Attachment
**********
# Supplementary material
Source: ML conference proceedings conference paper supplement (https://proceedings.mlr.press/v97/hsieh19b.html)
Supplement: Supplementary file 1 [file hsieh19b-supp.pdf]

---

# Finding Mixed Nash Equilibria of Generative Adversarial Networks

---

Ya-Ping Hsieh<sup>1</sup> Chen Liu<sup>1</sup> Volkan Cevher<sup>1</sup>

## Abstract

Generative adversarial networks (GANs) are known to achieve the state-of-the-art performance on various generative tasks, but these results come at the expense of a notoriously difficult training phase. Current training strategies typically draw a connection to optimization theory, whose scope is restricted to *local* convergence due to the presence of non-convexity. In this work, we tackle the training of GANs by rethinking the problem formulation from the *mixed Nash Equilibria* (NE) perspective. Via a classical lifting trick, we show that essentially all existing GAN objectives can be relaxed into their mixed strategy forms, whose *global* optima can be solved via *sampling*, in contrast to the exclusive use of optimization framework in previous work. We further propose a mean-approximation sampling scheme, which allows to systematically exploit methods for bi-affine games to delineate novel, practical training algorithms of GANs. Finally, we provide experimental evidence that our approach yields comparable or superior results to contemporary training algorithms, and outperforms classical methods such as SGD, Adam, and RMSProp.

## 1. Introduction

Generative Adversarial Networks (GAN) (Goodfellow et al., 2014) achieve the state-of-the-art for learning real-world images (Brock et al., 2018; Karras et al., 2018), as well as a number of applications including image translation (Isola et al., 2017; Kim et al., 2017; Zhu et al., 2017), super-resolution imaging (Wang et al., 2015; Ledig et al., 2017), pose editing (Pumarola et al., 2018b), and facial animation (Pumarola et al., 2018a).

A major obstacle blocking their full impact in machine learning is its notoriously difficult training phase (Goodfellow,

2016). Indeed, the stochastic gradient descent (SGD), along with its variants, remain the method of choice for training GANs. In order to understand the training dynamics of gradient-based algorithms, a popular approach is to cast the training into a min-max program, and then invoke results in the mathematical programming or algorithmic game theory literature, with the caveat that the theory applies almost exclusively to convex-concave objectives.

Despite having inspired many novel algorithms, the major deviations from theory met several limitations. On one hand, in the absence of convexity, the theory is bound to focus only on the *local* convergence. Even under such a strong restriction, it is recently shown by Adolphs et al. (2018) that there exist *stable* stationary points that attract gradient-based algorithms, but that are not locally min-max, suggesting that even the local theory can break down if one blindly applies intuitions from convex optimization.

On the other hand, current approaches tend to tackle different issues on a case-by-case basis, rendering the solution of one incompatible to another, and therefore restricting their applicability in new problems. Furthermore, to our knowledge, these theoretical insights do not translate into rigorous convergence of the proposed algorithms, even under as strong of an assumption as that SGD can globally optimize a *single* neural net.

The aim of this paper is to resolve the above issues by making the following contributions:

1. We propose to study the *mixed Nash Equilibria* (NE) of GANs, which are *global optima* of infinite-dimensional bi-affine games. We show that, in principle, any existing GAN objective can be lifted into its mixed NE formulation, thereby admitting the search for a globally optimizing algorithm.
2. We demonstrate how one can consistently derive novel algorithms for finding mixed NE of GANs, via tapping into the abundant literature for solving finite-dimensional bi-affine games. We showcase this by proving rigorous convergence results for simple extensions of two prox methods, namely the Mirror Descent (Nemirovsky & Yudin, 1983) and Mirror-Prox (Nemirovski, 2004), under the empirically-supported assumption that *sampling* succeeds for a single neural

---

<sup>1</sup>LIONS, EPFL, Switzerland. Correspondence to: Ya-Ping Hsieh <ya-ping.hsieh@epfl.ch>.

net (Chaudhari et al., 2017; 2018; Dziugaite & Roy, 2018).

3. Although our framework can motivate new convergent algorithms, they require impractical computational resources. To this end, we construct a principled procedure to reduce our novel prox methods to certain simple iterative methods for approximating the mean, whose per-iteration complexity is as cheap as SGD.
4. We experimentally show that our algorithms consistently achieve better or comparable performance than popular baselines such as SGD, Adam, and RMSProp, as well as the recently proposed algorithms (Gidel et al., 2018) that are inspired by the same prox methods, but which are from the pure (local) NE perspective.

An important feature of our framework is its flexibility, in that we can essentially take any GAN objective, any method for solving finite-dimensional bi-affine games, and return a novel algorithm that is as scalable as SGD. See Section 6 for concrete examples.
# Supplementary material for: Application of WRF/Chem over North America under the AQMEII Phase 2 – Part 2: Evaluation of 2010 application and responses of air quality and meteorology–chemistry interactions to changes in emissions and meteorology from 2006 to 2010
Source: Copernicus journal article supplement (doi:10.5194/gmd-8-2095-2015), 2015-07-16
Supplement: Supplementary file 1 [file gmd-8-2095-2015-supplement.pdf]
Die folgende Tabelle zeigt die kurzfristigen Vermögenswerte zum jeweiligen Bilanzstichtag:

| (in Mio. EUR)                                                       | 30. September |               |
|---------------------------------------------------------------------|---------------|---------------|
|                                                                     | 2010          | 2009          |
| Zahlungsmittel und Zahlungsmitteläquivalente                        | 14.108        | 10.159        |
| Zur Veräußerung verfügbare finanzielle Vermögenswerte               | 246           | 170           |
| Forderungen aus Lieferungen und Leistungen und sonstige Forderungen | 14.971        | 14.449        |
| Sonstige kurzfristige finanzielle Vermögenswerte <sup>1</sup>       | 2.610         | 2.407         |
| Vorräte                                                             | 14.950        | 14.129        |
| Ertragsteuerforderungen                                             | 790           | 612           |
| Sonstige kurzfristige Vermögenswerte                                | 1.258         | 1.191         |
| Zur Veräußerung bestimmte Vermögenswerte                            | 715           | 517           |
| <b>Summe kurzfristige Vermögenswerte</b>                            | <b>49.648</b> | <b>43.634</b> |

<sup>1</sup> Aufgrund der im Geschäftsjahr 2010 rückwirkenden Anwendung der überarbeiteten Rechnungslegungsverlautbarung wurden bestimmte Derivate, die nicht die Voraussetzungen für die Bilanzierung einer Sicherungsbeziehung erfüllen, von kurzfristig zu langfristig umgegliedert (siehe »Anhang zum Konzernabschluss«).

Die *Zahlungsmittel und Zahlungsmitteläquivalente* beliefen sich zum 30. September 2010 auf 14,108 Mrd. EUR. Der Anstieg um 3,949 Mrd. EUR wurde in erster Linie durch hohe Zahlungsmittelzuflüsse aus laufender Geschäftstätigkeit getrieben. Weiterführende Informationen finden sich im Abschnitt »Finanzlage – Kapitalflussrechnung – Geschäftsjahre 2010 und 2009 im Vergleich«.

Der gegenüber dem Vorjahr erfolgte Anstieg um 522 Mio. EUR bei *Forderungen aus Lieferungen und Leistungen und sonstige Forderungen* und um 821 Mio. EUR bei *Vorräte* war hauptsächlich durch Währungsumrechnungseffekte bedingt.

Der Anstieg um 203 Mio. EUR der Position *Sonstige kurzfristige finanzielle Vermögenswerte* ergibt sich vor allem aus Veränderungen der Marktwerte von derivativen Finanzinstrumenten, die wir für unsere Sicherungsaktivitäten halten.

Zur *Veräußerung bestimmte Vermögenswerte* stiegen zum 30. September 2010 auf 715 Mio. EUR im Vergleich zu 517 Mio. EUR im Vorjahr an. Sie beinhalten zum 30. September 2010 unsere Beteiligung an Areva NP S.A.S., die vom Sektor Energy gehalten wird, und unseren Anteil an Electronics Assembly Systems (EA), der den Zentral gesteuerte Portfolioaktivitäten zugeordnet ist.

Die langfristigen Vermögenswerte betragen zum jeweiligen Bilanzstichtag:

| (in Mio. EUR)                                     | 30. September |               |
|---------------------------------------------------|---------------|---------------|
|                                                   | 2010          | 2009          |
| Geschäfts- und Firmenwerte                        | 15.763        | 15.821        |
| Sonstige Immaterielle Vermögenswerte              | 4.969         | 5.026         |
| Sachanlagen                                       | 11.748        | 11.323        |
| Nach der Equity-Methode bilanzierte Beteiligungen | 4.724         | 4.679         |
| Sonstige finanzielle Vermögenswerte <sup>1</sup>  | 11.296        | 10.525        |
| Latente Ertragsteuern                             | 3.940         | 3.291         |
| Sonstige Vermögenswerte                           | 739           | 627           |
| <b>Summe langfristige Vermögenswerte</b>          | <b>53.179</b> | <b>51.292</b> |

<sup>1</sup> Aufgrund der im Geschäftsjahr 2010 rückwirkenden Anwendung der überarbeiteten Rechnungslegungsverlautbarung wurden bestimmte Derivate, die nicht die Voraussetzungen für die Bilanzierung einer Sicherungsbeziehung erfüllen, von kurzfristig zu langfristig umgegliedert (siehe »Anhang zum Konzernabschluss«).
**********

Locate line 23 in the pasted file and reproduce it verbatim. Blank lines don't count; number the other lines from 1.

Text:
4. We experimentally show that our algorithms consistently achieve better or comparable performance than popular baselines such as SGD, Adam, and RMSProp, as well as the recently proposed algorithms (Gidel et al., 2018) that are inspired by the same prox methods, but which are from the pure (local) NE perspective.